New York State: 700 Million Dollars Pumped into Prisons; 600 Million Slashed from Colleges Since 1988, Study Says

More African Americans and Latinos Go "Upstate" to Prison than to College:

Young People of Color, Non-Violent Offenders Hardest Hit by Growing Trade-Off

NEW YORK, NY -While New York State's prison spending has grown by $761.3 million over the last ten years, state allocations for state and city colleges in New York have been slashed by $615 million, resulting in an almost dollar for dollar trade-off, according to a Rockefeller Foundation-funded study to be released December 1 by the Correctional Association of New York and the Justice Policy Institute (JPI), a Washington, DC-based think-tank.

People of color and non-violent offenders have been hardest hit by the state's shifting priorities - which result, in part, from the 1973 Rockefeller Drug Laws that introduced harsh mandatory minimum sentencing laws for drug offenders - says the study,

New York's State of Mind: Higher Education vs. Prison Funding in the Empire State, 1988-1998.

More African Americans have entered prison for drug offenses than have graduated from State University of New York (SUNY) every year since 1989, according to the study, and almost twice as many Latinos were locked up for drug offenses as graduated from SUNY in 1997. More than 62 percent of people sent to New York prisons last year were convicted of non-violent offenses, with drug offenders accounting for 47 percent of convictions. "This study spotlights a counterproductive shift in government priorities that has had a devastating impact on young people of color - and completely failed to make New York safer," said Robert Gangi, Executive Director of the Correctional Association of New York and co-author of the study. "The money we spend locking up non-violent drug offenders would be better spent educating those young people in New York's universities."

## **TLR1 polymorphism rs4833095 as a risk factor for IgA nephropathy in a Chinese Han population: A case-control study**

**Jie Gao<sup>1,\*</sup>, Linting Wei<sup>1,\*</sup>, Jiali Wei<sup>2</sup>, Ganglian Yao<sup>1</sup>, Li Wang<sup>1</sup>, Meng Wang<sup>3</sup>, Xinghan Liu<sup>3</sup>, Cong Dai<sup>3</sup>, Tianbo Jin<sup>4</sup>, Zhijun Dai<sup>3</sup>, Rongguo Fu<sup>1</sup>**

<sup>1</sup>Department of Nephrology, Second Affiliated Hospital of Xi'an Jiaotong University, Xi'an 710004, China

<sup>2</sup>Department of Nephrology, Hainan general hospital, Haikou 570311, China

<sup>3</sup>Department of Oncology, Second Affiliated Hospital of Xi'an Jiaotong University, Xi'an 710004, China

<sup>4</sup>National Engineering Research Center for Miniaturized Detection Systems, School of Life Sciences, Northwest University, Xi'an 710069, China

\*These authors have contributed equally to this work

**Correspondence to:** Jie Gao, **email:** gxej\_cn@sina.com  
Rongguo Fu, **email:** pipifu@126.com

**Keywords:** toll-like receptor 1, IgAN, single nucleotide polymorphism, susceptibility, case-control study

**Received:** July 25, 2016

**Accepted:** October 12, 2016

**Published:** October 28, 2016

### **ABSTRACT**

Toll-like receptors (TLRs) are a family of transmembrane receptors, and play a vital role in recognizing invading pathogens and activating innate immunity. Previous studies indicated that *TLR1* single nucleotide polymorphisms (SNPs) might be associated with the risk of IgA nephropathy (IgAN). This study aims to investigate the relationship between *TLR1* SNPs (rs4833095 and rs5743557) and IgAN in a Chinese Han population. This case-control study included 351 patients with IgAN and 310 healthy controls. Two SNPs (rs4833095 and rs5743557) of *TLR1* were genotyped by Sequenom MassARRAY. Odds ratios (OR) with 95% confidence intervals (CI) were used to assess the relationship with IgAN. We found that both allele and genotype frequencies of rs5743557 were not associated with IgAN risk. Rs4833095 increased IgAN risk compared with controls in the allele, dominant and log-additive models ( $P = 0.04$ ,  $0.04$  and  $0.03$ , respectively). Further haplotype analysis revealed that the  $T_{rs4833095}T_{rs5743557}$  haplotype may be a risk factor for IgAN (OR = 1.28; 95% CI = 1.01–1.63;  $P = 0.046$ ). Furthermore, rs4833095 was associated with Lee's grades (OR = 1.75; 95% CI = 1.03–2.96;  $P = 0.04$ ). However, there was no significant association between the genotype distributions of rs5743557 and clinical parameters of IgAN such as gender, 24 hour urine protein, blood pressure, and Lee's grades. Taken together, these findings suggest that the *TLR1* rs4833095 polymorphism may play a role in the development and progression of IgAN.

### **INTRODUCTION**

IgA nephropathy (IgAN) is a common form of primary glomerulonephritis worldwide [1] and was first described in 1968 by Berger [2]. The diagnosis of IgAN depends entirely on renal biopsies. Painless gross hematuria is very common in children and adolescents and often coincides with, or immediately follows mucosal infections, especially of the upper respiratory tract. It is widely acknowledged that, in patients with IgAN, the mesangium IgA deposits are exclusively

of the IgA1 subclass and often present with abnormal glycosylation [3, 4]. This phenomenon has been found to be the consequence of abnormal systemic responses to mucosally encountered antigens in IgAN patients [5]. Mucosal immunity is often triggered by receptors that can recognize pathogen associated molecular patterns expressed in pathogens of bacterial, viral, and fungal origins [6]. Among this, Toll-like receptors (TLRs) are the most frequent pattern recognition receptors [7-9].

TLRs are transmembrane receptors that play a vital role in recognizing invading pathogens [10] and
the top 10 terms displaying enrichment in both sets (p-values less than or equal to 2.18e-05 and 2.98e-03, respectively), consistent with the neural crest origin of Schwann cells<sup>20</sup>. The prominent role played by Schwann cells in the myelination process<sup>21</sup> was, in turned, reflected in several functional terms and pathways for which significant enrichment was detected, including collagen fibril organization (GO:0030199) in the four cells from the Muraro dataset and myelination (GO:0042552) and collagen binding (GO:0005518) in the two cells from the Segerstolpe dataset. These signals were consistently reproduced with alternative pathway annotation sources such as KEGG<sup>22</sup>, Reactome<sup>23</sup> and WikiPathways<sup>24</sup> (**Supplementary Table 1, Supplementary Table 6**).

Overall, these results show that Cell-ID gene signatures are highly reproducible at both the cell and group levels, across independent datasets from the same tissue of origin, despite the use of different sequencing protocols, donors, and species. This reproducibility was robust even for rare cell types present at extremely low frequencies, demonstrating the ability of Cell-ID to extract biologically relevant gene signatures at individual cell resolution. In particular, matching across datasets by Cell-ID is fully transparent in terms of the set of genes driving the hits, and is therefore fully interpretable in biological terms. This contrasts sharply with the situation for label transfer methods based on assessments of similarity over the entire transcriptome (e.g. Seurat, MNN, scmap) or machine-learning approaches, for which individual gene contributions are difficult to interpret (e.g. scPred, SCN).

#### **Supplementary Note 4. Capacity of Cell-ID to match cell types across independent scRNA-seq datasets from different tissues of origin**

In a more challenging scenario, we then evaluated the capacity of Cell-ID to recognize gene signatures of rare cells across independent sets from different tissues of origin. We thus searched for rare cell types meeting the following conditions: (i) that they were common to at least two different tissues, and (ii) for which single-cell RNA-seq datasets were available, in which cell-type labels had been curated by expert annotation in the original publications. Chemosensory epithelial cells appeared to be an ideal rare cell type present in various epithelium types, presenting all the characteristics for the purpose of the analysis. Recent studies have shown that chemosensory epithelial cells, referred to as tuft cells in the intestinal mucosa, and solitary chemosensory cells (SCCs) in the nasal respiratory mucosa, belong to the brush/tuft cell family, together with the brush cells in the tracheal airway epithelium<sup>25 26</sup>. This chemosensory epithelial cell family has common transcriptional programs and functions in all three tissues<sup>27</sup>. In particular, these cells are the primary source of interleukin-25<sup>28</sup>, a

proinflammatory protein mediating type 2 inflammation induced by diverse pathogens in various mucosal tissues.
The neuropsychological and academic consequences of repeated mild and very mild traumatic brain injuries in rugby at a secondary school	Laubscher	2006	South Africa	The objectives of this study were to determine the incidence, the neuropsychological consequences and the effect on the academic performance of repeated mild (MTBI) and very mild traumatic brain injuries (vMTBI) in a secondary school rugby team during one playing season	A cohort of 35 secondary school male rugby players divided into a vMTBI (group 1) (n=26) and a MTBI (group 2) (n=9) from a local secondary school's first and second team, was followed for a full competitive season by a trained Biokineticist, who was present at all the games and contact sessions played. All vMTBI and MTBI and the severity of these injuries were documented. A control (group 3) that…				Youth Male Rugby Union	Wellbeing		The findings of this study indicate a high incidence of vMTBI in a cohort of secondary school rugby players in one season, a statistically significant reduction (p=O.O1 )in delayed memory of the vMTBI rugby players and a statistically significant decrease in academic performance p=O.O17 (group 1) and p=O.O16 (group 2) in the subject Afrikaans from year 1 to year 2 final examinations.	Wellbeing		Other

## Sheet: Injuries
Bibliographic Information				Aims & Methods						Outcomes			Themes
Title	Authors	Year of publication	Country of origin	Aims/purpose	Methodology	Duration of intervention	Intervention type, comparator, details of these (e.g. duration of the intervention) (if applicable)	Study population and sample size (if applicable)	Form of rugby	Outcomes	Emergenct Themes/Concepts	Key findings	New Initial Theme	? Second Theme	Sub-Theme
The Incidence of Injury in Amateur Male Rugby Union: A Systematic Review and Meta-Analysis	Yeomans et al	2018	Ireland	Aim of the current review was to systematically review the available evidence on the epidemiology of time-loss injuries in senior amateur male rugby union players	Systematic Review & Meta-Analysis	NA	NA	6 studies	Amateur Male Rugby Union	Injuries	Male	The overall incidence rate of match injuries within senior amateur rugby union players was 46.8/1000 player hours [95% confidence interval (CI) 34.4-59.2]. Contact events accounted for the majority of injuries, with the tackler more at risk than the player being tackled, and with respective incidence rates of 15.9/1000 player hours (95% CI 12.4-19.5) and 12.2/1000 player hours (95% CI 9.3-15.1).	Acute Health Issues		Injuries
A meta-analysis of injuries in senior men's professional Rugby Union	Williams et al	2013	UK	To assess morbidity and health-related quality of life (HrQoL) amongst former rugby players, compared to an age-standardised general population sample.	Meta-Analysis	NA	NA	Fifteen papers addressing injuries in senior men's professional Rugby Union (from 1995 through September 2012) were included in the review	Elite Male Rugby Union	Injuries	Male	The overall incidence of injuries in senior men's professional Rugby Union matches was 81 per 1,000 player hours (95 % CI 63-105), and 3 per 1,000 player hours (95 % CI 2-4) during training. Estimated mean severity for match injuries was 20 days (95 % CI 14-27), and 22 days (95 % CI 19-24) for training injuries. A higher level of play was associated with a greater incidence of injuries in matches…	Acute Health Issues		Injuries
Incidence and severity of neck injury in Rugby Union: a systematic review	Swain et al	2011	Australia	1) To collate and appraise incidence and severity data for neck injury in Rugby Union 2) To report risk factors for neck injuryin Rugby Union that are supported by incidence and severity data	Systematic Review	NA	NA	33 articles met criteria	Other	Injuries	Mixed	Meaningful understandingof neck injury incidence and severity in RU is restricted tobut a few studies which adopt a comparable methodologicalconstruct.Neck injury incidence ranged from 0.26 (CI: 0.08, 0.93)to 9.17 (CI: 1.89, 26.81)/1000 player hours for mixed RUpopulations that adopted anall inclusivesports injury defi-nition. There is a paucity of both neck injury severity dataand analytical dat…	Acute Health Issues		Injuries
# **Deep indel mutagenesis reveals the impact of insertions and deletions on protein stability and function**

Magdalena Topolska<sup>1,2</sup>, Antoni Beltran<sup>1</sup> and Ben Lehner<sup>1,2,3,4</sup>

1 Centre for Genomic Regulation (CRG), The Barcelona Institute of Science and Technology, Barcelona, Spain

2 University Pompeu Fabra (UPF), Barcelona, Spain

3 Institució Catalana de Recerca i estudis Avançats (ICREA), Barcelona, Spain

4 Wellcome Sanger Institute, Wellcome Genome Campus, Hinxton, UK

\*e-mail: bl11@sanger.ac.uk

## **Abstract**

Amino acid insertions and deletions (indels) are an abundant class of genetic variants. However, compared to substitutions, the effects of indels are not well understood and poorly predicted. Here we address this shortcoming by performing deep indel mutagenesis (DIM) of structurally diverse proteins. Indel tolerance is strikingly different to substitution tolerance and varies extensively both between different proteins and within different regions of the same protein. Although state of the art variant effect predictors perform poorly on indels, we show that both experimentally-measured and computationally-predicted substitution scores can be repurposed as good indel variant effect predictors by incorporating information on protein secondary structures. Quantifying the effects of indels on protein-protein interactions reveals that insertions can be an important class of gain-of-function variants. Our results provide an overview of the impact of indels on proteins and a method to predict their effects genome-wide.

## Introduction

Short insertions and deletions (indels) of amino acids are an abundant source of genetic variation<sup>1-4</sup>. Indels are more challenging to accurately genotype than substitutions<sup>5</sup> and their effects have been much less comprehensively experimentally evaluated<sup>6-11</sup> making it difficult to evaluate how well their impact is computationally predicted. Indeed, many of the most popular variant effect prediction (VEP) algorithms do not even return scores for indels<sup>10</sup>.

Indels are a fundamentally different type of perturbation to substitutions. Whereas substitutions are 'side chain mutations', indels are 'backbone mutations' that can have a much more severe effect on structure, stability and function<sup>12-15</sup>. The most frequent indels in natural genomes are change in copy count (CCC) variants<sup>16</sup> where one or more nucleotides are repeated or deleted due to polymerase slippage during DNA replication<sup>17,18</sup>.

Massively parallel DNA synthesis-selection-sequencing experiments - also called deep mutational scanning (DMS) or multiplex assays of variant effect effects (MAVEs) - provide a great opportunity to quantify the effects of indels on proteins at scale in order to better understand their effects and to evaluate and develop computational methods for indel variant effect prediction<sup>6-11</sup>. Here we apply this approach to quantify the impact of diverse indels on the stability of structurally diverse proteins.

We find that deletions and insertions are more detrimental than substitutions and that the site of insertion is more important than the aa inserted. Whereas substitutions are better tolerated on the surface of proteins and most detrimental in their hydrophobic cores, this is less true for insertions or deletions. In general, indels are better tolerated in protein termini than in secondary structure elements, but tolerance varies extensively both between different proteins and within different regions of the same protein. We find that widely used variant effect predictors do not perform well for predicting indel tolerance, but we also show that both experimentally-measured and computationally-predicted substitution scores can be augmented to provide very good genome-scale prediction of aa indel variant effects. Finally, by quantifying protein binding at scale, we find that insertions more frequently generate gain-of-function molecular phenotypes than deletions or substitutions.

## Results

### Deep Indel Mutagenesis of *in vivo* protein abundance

Each prisoner in the New York prison system costs taxpayers $30,000 -enough to pay tuition fees for nine students at SUNY or City University of New York (CUNY), the study found. Hikes in tuition fees - which have doubled at CUNY since 1988 - have disproportionately affected families of color, it notes, with current fees at SUNY representing 25 percent of the median income for white families, but 42 percent of the median income for African American and Latino families. "Locking up a generation of people of color is not the way to cut crime,'' said Vincent Schiraldi, Executive Director of JPI. "It's time for state policy makers to revoke the Rockefeller Drug Laws and invest in educating, not incarcerating, young people.''

A study conducted by JPI in California this September yielded similar results. For every African American male enrolled in a California publicuniversity, the study found, five are in prison. For every three Latino males in the CA prison system, one is in college.